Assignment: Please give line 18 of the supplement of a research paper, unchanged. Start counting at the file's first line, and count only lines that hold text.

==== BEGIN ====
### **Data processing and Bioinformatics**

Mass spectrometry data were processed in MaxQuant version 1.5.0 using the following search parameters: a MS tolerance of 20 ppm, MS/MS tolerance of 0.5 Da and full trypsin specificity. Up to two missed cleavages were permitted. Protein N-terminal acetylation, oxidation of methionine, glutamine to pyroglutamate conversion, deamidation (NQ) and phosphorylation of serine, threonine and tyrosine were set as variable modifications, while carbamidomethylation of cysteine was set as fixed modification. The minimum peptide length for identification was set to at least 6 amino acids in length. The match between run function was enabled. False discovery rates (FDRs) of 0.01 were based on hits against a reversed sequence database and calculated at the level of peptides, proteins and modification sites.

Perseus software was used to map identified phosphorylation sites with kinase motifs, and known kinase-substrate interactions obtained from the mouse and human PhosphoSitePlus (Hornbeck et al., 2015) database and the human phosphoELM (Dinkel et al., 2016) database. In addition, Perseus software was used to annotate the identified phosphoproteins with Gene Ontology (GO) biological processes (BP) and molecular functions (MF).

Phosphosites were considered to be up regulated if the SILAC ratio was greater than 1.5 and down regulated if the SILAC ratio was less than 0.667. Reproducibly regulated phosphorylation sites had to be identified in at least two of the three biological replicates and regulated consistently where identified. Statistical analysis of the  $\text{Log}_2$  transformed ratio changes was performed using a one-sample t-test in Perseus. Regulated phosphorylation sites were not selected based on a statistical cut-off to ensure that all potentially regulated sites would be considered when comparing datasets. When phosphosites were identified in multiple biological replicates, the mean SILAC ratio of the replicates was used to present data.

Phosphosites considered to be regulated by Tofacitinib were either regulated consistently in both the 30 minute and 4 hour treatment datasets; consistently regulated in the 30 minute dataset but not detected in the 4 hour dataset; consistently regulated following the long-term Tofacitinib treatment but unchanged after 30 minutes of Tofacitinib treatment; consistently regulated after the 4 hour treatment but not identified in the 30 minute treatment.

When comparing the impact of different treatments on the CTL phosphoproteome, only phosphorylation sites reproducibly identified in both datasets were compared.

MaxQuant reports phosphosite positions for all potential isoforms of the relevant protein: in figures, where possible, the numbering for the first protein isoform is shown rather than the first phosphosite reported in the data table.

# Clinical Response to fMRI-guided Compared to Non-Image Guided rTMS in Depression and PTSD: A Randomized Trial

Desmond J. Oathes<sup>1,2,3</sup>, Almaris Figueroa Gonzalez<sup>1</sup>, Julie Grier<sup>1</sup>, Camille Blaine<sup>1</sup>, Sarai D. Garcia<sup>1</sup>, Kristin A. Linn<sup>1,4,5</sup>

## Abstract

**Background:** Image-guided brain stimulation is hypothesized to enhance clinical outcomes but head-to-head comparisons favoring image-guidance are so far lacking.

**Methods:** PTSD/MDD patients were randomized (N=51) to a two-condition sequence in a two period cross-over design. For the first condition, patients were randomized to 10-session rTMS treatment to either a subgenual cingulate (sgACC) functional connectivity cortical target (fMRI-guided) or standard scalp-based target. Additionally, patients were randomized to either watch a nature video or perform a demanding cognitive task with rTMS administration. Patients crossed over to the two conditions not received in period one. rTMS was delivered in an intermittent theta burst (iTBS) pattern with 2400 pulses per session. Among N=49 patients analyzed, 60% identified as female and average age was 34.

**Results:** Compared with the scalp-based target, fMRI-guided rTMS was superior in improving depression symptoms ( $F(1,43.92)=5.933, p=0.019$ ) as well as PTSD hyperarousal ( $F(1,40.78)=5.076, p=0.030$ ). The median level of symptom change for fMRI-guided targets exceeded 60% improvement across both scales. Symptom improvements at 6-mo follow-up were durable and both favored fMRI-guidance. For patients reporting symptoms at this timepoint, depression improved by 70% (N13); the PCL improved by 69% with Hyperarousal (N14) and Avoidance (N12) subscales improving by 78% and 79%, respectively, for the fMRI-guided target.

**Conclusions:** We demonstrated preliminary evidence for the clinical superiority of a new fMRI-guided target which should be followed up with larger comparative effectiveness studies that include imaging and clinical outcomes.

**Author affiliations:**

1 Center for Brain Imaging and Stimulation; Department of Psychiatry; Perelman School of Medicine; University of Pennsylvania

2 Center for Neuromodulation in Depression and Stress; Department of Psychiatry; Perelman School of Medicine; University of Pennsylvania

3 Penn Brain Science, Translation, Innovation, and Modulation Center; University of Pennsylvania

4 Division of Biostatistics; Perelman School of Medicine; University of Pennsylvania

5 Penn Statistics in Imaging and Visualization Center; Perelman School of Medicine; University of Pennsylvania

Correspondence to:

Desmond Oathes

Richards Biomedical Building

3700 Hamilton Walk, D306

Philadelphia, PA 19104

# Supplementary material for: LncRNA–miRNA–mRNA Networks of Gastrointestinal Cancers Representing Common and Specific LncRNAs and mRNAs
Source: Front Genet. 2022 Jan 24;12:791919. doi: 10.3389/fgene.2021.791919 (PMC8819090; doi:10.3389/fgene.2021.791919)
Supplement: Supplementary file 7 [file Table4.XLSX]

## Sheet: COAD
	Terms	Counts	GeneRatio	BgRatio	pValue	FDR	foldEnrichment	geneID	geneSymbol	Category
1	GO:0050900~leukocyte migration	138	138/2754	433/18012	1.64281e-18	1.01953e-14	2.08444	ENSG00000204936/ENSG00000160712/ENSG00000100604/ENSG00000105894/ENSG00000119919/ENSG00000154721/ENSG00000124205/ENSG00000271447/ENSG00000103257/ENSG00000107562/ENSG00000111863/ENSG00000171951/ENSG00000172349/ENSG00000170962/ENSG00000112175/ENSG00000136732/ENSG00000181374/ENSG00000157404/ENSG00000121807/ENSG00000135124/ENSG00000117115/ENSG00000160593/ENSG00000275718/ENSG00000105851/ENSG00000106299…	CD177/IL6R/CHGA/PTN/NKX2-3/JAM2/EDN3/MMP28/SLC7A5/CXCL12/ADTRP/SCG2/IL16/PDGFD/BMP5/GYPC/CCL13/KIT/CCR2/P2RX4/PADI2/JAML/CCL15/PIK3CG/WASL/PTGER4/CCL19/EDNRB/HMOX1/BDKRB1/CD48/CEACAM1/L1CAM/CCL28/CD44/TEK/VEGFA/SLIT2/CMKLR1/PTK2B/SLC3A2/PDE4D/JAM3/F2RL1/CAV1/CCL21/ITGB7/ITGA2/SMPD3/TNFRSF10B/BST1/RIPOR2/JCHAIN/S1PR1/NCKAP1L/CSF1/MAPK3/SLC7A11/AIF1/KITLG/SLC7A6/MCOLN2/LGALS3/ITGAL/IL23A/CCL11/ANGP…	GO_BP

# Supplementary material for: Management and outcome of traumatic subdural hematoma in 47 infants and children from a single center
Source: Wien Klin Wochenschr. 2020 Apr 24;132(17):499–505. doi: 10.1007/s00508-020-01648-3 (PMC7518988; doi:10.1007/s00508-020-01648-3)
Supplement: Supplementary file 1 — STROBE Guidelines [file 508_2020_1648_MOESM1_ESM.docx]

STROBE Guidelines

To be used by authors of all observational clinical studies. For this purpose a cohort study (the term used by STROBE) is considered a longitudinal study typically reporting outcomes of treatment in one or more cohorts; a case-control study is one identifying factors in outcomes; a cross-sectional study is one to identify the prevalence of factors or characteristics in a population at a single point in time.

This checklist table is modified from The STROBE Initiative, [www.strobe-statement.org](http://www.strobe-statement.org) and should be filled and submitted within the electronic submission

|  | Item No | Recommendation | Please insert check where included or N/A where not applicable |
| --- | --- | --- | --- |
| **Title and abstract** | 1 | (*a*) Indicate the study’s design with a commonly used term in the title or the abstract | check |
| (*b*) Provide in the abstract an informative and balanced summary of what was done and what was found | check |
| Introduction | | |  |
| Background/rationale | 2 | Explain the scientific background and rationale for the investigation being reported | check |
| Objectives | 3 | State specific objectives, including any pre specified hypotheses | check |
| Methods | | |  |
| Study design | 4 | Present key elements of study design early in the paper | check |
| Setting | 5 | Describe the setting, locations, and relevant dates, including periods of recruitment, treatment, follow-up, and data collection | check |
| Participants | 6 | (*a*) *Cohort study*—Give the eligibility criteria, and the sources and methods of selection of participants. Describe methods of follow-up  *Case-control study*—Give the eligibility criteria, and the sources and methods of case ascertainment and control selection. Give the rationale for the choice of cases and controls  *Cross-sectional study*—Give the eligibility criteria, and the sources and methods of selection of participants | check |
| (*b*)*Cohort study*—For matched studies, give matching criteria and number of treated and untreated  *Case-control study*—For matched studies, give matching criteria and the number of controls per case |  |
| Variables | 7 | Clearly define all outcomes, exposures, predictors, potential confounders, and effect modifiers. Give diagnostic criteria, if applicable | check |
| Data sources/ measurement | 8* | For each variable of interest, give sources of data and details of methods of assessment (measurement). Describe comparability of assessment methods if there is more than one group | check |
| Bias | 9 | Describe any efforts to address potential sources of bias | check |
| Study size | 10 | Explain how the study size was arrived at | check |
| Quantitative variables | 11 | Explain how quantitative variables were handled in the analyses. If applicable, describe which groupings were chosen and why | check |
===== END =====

3 Penn Brain Science, Translation, Innovation, and Modulation Center; University of Pennsylvania